But this in no way changes the fact that there are much better ways of spending £17 billion than delivering a tax cut that fails completely in its stated aim of “offering real help – and hope – to millions of low income families”.

    The IFS notes:

    “Broadly speaking, the Liberal Democrat package would redistribute from the well-off to middle-income families – augmenting the progressive pattern of Labour’s pre-announced measures but doing little for the poorest households. This latter feature might appear odd given the Liberal Democrats’ often-expressed anger at the relatively high rate of tax paid on the gross income of the poorest households.”

    Our own report had described the irony of the Lib Dems justifying their tax cut by using the fact that the poorest in society pay a higher share of their gross income in tax than everyone else. Not only does this tax cut do nothing for the poorest, but because on average it gives more proportionally to richer households than to poorer ones, it would increase the differential between what the poorest pay and what everyone else pays.

    So we renew our call on the Lib Dems to replace this proposal with a fairer alternative – or, at least to stop selling it in terms of ‘fairness’. We note that some Lib Dem election leaflets during this campaign have inaccurately described this proposal as being worth “£100 to pensioners”. But, of course, it is only worth £100 to pensioners who pay income tax – roughly, the richest 40 per cent of pensioners. This policy would give some support to the richest 40 per cent of pensioners and nothing to the poorest 60 per cent.

    That’s not fairness.

  3. To see what a difference Labour’s made in one constituency, look up Holme Valley Labour Party – click on “Our survey.” It’s raw and rough, but the content is what’s important. I have tried to get it passed up to The Top, but made no progress. Will you please send it on to anyone who could bring it to GB’s attention? Radio has just said he’s warning of threats to school and hospital improvements if Tories get their hands on them again…..the survey gives incontrovertible evidence of their dire record. Survey took months to put together,and it hasn’t been used as much as had been hoped. Bob Vant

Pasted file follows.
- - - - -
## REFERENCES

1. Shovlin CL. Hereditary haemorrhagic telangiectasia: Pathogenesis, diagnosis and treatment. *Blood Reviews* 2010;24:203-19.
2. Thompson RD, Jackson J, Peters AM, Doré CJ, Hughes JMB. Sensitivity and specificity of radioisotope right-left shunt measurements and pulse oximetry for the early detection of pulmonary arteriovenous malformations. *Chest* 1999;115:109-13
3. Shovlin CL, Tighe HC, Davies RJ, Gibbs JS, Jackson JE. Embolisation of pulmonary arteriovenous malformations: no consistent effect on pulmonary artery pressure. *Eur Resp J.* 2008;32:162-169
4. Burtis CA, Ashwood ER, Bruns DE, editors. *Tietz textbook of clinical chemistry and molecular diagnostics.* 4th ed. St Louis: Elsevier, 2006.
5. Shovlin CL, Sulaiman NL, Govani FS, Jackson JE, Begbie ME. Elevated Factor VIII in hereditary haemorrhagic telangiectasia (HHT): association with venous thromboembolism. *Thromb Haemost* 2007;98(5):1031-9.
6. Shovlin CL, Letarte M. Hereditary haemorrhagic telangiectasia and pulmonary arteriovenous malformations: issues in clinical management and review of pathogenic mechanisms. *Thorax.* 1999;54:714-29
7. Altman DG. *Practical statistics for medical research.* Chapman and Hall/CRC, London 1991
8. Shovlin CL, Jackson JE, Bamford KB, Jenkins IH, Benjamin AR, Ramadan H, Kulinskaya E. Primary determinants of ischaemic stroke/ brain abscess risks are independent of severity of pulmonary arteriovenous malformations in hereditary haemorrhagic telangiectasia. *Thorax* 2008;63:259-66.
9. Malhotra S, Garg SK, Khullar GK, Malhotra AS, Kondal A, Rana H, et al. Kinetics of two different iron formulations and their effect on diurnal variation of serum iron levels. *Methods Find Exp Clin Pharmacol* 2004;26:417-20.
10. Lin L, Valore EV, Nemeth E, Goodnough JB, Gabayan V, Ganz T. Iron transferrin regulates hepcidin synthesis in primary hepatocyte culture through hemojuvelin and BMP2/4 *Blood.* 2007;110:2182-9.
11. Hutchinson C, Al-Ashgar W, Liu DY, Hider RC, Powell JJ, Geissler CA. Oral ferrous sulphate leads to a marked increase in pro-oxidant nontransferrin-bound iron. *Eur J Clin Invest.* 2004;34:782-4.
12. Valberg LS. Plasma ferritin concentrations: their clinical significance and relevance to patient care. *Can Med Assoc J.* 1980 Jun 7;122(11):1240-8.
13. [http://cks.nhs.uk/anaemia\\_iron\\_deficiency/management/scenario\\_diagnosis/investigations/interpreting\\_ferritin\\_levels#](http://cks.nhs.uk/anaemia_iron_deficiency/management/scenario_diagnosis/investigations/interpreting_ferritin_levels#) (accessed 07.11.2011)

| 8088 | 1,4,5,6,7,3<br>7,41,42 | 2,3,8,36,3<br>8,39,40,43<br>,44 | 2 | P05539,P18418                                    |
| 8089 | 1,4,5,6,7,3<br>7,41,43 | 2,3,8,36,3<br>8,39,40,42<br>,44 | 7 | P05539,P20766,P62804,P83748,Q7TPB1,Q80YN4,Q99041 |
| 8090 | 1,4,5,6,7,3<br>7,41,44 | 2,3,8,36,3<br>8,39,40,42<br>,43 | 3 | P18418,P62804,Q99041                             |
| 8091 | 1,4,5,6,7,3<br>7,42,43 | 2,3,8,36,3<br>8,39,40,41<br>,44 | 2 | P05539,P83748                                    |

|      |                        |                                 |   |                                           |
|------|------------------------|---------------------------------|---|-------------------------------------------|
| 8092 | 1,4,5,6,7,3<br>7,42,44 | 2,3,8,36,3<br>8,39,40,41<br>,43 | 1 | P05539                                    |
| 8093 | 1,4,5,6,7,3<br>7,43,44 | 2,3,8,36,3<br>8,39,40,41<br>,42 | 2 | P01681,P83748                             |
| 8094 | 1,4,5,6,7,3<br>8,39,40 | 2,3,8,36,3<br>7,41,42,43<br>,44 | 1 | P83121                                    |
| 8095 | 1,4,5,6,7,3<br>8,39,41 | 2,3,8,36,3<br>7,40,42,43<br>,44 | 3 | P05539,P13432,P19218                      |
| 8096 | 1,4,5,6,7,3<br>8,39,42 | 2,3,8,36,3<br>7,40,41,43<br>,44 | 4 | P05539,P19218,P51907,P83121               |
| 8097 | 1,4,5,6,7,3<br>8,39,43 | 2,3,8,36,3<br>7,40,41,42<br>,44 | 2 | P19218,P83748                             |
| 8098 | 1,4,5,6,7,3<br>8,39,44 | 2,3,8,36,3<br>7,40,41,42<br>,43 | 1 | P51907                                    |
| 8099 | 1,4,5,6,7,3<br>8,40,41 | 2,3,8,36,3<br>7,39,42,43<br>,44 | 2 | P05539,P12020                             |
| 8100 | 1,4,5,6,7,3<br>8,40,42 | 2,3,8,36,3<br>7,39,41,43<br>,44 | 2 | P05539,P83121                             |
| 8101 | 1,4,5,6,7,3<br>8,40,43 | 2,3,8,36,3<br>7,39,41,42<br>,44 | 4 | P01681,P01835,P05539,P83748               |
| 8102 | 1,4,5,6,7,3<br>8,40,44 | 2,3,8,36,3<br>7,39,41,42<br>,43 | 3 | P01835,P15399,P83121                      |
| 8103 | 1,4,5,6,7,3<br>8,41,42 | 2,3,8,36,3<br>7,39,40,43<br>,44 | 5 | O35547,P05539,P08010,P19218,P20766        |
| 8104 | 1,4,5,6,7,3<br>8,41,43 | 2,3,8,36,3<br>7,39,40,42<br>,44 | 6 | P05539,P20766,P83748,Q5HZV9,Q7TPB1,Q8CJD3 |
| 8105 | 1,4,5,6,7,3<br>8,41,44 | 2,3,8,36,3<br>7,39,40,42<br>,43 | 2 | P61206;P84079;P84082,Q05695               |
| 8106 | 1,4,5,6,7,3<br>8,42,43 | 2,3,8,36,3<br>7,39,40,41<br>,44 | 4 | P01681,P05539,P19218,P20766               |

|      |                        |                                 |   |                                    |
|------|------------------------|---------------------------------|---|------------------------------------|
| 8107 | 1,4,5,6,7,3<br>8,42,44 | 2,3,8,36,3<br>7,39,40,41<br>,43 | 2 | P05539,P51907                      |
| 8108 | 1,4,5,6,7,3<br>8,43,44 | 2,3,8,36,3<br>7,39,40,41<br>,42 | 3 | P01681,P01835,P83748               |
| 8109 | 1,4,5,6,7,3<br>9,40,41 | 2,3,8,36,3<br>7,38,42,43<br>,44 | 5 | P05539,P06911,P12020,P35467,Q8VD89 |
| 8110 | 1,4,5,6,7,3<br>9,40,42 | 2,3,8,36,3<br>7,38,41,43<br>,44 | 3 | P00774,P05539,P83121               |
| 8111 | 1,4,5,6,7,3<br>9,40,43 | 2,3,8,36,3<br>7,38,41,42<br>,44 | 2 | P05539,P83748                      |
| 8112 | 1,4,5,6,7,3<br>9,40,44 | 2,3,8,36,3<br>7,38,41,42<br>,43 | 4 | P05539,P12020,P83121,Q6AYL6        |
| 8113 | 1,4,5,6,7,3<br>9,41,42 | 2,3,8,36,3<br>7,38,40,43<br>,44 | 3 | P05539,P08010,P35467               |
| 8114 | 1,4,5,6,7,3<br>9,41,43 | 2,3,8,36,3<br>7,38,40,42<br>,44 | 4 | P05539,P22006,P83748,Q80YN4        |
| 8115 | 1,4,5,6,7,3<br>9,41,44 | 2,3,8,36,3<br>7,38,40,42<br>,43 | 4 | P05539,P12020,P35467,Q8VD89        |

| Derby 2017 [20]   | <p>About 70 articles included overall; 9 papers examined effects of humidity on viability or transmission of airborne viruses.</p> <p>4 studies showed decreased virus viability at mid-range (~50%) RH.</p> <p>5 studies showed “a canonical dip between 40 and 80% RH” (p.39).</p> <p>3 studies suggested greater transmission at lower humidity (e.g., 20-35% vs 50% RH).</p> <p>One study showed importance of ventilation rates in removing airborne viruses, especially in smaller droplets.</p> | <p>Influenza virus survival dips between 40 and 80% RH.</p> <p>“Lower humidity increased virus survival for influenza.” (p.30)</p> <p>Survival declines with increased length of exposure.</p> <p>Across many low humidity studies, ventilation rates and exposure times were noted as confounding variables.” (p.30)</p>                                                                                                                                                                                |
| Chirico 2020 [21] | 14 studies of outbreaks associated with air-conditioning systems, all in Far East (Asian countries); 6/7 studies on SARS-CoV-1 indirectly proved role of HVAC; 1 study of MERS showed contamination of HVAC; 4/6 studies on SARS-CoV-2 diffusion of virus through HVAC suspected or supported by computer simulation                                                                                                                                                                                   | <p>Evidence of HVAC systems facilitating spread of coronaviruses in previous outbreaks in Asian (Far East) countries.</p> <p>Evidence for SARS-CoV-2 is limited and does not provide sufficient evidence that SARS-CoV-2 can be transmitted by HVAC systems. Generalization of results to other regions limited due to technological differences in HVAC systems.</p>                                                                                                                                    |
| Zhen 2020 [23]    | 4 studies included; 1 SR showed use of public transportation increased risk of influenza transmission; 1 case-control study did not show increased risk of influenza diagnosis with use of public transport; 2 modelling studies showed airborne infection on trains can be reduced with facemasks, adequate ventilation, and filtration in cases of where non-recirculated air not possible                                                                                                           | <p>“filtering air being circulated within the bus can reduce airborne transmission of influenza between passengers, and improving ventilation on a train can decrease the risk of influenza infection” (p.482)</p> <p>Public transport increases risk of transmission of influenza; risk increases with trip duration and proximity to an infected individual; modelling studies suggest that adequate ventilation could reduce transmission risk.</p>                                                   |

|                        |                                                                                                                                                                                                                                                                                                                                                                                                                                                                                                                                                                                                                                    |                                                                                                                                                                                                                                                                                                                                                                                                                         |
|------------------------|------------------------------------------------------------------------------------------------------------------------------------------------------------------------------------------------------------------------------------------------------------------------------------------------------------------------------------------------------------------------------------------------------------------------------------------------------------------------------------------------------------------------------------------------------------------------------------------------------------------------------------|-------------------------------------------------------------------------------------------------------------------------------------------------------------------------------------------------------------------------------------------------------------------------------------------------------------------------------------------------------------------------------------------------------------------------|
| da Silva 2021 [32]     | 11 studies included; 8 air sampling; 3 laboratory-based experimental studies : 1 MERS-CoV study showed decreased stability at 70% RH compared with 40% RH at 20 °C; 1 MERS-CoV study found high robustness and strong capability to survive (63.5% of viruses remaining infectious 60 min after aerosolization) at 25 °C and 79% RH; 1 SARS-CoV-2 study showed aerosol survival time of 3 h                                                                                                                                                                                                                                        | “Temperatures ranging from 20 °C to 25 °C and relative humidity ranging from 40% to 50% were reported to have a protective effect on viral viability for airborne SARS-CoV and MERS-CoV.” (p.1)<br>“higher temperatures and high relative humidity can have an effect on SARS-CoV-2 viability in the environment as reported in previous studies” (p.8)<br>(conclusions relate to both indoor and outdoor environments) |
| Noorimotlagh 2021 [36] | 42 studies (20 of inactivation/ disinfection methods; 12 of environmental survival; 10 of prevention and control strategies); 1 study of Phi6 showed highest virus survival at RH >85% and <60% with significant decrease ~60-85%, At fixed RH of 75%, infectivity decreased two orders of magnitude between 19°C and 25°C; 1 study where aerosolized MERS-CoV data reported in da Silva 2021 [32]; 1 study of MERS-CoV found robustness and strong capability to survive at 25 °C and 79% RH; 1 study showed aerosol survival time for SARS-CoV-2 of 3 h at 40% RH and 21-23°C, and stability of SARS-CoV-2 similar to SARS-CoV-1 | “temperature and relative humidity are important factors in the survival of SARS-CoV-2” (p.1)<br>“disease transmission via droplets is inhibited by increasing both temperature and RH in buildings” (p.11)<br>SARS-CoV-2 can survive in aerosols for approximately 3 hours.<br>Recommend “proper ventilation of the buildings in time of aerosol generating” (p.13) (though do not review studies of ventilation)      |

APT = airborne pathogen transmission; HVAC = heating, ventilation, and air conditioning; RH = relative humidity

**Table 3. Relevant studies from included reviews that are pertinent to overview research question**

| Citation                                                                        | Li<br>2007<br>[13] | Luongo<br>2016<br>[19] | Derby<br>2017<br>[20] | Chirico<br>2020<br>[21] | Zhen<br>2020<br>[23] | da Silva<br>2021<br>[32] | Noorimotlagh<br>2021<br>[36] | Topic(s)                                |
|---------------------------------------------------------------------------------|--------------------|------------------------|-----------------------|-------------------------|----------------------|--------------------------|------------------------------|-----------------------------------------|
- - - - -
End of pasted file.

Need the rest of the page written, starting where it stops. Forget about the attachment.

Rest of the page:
4. I blow a low whistle at your argument. You’re a tough man, Nick Cohen.
    I want only something good to happen to labour.
    But Gordon Brown has turned the labour party into that most avoided creature, a bore.
    He is the supreme bore and is offering the electorate the labore party. I know it’s a terrible pun but look at that reply to Nick Cohen’s question. Michael Gove would still answer better than that if he’d swallowed a valium the size of a bar of soap.

  5. Remember Tony Blair had in at Downing street a former editor of the Times, who wrote a book about it, 30 days, and Michael Cockerell was inside poking his camera around as well. No such thing with Brown over the last two years, was there. And I think Cameron won’t be letting in anyone of that sort too.
    It’s been about 15 years since I last read Viz and it’s just came to me who Gordon Brown really reminds me of – it’s big Vern.
    I wonder if they’ll be doing an election strip where Vern refuses to leave Downing street and blows his head off?